@raceprouk said in Stanford dumps Java as introductory class:
But this change is mainly there to help students get into the concepts behind programming, instead of drowning them in 'Public Static Void' like jargon.
So, to get students to learn concepts better, you throw half of them away. Gurd jorb.
I was a TA in an introductory programming class with Java for a while (and a while ago). This class was aimed at general engineering students, not CS specifically. For a significant portion of the students, this really was their first proper programming class.
And IME, the boilerplate of Java really gets in the way. The simplest example (i.e., "Hello World") contains more magic incantations than actual code. In an introductory course, you might not even end up covering all of the incantations -- remember, these students may only be familiar with the terms "variable" and "function" from math (where they are something quite different). "Objects" and "classes" and "packages" are meaningless terms to these, so stuff like "public" and "static" are just noise at that point. "String"? Put it there because you need to. "Void"? Same -- we'll get to that later. "System.out.println"? Yeah .. the "println" is the interesting part. "System.out" ... yeah, later.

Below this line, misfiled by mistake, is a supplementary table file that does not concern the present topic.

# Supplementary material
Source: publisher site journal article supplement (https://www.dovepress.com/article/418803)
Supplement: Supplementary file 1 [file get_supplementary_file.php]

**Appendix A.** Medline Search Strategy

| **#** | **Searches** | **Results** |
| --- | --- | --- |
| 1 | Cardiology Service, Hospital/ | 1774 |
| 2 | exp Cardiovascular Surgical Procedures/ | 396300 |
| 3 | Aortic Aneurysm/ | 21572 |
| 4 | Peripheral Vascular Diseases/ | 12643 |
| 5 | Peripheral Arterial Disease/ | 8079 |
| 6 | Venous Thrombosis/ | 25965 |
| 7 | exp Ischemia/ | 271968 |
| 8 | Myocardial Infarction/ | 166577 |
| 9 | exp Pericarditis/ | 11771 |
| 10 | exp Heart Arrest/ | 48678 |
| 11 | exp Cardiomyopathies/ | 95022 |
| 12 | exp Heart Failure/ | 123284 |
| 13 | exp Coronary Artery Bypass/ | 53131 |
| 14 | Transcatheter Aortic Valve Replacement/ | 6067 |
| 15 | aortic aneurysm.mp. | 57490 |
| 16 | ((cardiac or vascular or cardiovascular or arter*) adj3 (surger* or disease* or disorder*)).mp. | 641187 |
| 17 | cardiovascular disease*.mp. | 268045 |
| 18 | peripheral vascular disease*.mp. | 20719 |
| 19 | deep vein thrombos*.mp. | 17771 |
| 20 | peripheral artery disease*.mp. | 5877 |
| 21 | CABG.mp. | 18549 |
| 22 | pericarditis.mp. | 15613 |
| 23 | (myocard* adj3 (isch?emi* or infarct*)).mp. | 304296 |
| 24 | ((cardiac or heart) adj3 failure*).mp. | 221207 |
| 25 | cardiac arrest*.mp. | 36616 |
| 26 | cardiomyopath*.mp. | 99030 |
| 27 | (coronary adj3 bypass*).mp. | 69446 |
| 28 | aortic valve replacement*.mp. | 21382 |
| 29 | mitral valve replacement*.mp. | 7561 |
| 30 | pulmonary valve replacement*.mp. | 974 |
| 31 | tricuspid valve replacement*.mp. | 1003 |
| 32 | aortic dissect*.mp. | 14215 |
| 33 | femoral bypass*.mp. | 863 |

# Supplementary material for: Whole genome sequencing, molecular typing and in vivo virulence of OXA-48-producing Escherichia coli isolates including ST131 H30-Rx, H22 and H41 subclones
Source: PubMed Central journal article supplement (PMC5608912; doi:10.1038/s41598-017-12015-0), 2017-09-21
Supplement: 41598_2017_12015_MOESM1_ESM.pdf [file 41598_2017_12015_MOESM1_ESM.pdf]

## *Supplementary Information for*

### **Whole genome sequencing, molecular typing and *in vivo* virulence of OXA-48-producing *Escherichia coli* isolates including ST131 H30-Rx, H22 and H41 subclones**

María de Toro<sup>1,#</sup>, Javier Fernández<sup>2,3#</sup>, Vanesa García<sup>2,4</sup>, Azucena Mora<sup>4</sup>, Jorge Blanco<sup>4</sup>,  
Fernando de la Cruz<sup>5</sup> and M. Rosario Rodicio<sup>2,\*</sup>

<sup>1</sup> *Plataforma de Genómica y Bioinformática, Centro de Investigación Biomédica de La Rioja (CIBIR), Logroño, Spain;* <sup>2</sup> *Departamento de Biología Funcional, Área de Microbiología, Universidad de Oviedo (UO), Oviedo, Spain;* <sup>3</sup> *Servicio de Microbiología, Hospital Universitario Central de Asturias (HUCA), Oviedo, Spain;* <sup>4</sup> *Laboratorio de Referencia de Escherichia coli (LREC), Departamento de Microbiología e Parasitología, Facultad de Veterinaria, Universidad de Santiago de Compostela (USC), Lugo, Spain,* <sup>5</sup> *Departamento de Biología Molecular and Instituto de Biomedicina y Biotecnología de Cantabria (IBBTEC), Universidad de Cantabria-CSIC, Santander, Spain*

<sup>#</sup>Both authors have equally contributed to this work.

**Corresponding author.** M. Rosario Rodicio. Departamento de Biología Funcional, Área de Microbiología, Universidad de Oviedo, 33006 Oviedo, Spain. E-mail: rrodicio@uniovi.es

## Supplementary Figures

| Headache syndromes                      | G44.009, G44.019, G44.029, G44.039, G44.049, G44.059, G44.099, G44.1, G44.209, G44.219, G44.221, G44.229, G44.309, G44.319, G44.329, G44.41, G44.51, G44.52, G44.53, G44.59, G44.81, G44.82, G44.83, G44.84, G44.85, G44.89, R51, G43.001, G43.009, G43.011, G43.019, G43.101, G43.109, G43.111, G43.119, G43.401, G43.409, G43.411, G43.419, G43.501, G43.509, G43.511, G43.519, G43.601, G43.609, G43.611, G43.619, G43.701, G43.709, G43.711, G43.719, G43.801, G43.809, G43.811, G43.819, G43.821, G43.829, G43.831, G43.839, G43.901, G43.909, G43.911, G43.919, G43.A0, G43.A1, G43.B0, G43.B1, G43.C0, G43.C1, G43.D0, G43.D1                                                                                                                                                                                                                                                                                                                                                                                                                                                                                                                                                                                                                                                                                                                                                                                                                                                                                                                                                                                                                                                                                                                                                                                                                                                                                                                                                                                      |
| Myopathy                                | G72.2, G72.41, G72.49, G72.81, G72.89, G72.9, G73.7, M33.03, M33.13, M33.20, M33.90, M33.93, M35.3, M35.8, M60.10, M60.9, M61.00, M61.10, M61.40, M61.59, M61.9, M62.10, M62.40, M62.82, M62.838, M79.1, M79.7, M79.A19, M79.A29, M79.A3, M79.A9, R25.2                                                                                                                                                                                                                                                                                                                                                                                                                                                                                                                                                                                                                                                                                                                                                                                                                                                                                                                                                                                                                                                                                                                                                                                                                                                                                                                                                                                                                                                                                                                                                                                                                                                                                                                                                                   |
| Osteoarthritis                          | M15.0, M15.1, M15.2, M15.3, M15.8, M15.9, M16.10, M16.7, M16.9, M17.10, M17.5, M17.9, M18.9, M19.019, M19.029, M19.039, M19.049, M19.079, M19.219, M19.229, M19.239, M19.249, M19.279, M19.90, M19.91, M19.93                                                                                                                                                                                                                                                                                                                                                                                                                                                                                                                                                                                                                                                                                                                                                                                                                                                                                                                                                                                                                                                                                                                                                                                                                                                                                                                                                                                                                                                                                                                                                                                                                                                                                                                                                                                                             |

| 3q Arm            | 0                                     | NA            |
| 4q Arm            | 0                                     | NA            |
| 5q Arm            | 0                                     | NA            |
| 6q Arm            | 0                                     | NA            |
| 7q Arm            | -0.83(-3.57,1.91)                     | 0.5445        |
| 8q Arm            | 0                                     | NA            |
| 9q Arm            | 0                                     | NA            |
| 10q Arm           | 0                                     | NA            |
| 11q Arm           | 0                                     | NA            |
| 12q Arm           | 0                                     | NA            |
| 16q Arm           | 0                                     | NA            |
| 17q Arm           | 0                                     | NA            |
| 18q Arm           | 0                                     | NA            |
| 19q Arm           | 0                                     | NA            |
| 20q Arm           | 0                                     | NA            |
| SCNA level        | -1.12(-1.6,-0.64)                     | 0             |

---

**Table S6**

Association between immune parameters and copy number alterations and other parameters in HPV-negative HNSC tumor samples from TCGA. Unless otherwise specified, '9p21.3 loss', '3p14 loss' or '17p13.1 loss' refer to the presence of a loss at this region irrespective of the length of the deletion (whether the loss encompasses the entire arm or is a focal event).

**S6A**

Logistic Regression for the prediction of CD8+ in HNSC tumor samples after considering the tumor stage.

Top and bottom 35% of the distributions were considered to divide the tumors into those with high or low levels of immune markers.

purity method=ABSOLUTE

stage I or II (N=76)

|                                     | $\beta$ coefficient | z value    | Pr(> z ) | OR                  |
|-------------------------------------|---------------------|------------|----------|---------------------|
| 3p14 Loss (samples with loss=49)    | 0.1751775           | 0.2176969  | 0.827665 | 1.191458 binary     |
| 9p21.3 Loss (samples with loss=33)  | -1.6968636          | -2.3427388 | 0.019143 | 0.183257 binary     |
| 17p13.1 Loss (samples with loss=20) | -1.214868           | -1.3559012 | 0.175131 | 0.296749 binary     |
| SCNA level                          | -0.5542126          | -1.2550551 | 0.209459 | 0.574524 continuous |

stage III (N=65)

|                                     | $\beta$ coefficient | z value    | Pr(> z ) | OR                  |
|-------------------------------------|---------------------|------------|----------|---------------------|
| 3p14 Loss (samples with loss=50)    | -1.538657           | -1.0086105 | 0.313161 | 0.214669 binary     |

It's not that the students shouldn't learn the concepts, it's more that they need to learn to crawl (understand WTF a function is, and WTF a variable is, how&why types matter, and how to sequence the things you want to do in a sensible order -- surprisingly often a difficulty for math-heavy students) before you can teach them to stumble forward somewhat upright.
Edit/added: As one student told me, this was the first time she realized she could write commands that the computer would then run. This was apparently fairly mind-blowing at the time.
@Mikael_Svahnberg said in Stanford dumps Java as introductory class:
Could be worse. At my uni they are discussing switching to Python as the first language.
I think it depends on the target audience. For something like math/physics students, I think it would be a fairly solid choice as a first language. It certainly would be more useful than Java, which essentially nobody ever touches again after the first programming course (again IME).
For CS, my former uni's approach of Haskell+Java followed up by ASM+C seemed like a solid foundation for later courses. Not sure I'd recommend replacing any of those with Python, though.
 I think C++ took a significant step in the wrong direction here, with the ">>"/"<<" syntax for input/output.